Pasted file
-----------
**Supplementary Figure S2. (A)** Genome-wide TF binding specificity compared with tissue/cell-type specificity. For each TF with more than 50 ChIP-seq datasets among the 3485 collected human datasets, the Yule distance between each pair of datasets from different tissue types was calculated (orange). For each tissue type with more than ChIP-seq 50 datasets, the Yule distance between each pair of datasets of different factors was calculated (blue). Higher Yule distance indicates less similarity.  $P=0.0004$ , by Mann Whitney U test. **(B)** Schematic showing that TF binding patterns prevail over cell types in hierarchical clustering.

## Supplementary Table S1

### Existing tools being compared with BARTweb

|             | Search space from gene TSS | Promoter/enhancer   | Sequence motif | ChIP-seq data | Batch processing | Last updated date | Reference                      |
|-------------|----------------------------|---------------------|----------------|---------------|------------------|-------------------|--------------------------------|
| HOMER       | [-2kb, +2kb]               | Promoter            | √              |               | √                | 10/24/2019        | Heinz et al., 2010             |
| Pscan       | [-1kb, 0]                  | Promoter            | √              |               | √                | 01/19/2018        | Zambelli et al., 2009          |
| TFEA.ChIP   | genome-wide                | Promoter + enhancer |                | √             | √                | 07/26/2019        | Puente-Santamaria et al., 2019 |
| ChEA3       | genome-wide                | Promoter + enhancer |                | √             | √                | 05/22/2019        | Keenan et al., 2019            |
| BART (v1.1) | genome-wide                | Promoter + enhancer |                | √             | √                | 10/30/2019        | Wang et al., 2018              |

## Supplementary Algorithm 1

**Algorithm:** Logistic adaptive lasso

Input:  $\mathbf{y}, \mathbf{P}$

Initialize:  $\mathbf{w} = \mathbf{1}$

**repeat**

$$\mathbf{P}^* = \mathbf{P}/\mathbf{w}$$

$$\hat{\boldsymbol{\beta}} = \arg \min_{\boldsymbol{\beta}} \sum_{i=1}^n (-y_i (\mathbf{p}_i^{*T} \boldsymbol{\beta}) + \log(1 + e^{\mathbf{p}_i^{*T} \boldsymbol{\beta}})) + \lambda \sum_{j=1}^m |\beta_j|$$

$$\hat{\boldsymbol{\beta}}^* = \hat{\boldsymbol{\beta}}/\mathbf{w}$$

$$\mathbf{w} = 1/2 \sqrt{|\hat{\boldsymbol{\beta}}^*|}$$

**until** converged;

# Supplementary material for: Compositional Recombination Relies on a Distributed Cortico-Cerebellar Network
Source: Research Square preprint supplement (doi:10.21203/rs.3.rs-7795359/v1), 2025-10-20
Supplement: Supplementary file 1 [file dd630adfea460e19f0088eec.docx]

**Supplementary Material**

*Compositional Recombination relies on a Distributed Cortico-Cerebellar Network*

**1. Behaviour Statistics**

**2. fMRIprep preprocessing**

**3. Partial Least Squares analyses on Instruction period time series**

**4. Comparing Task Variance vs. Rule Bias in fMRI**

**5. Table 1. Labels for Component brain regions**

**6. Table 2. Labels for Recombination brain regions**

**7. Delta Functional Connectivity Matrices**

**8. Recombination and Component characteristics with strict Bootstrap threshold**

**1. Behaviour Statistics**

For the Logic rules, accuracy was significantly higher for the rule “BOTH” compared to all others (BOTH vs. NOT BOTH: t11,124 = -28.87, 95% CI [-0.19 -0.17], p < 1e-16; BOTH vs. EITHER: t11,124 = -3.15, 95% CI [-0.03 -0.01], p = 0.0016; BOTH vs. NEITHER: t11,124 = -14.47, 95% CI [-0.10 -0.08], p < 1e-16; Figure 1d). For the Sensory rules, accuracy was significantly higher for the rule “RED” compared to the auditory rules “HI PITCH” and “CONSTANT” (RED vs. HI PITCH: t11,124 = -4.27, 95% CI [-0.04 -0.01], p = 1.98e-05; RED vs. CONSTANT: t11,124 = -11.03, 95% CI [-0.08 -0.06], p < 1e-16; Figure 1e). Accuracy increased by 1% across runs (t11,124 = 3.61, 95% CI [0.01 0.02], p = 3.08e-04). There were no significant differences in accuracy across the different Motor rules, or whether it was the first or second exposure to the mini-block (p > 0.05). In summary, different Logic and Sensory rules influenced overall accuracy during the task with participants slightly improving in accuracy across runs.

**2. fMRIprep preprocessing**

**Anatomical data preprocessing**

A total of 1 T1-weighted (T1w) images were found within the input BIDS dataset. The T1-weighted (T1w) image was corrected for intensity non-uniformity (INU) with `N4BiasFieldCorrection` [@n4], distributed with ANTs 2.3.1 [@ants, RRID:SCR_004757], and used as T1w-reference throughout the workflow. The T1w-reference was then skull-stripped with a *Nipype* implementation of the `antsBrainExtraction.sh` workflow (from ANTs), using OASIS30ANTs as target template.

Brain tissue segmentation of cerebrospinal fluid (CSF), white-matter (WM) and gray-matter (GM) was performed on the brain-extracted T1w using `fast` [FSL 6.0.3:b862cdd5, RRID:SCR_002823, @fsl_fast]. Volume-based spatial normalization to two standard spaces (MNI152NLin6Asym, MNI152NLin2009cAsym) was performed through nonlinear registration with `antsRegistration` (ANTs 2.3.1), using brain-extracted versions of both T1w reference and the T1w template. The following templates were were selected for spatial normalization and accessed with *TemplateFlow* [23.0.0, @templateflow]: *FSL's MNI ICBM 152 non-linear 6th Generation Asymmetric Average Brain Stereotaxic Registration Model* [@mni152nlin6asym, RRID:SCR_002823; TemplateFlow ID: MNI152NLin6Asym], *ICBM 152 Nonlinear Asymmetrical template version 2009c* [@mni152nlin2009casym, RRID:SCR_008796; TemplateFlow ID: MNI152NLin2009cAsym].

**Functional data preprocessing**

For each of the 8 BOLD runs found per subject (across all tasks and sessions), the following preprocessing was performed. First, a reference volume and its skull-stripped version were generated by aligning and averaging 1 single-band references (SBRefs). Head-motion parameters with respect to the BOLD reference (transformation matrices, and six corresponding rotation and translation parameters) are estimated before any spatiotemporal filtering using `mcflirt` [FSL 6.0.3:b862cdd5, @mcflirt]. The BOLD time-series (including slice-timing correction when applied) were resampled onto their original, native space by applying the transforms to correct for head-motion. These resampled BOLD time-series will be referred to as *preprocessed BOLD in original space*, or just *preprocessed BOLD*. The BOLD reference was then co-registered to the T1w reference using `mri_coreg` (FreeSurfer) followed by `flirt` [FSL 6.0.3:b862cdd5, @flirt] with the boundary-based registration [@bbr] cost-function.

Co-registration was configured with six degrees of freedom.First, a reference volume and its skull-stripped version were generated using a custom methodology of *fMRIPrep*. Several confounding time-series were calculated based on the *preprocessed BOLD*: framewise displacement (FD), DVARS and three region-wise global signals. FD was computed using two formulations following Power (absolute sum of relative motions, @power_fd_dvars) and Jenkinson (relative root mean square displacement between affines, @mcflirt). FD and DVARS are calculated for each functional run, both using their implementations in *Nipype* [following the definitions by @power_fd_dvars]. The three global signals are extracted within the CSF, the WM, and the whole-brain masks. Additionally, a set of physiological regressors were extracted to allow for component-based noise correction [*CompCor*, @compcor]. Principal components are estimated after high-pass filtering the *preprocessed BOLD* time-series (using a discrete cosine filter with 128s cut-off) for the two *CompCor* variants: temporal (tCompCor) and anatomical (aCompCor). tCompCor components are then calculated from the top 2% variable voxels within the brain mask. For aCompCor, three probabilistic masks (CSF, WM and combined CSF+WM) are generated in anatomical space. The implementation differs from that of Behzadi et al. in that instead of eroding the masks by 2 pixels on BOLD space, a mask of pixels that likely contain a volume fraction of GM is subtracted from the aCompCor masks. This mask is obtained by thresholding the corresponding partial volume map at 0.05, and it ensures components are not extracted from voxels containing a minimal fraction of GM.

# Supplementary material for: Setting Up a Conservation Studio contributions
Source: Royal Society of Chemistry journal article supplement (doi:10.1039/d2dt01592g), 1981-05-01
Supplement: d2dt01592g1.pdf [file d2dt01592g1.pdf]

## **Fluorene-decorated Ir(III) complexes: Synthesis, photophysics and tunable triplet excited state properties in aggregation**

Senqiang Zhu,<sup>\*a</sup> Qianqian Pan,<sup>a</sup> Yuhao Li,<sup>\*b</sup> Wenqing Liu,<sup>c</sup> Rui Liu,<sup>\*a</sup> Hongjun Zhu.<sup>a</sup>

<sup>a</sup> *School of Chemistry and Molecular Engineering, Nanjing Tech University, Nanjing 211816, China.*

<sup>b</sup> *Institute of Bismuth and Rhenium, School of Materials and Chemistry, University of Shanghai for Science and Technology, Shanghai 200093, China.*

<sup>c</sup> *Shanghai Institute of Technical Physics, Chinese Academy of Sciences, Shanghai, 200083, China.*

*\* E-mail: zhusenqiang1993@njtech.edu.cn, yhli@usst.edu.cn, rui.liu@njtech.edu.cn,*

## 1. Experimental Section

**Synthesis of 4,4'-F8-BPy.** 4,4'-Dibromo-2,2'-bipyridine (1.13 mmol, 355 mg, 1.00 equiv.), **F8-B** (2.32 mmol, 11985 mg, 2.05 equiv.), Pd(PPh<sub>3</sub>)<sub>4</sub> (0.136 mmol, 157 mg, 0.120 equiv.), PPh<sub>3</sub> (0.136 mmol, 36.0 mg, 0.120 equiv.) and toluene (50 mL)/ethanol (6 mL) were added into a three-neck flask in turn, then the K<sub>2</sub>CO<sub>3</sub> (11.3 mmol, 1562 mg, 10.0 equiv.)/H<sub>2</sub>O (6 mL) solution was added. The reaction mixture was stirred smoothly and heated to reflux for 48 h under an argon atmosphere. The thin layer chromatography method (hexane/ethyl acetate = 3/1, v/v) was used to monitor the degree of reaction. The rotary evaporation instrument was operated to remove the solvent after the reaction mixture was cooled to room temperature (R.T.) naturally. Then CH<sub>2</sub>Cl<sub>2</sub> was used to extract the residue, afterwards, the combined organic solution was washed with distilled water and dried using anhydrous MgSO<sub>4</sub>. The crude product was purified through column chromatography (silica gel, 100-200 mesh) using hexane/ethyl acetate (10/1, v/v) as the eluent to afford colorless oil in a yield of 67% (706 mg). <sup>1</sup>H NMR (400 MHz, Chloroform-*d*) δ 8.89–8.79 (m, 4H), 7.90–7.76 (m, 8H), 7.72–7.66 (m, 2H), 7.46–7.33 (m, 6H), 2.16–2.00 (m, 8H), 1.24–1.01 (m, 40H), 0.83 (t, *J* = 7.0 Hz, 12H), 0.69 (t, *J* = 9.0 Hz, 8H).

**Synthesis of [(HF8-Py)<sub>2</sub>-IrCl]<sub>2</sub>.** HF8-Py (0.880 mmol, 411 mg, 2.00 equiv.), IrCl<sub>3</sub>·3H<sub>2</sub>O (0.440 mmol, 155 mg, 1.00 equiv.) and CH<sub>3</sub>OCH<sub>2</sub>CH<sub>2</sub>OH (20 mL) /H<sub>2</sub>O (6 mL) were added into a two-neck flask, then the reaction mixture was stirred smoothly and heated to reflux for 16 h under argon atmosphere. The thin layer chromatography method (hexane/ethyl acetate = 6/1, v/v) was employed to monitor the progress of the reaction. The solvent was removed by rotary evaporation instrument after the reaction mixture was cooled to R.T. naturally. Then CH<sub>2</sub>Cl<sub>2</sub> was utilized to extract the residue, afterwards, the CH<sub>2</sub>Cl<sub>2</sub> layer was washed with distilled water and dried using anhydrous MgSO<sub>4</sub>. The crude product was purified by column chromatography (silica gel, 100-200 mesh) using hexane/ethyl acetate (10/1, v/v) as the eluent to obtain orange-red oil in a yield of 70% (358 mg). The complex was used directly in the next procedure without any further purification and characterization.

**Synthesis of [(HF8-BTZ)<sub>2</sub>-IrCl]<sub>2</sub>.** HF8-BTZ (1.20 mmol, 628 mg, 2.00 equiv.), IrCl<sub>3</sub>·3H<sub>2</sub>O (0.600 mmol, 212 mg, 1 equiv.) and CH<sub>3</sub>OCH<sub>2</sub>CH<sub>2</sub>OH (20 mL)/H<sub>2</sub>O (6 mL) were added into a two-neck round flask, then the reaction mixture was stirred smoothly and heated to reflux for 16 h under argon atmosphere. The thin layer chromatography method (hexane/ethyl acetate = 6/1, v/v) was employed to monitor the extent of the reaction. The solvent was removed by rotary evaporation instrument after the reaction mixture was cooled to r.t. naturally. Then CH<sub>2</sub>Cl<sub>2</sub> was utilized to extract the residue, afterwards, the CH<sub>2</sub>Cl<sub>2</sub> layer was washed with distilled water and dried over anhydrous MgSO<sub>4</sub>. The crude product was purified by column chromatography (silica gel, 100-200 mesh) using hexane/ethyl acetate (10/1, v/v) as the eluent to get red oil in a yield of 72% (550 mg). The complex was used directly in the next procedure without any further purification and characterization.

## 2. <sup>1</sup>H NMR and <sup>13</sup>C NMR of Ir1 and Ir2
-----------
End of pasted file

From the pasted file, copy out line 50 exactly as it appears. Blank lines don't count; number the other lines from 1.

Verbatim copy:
<sup>c</sup> *Shanghai Institute of Technical Physics, Chinese Academy of Sciences, Shanghai, 200083, China.*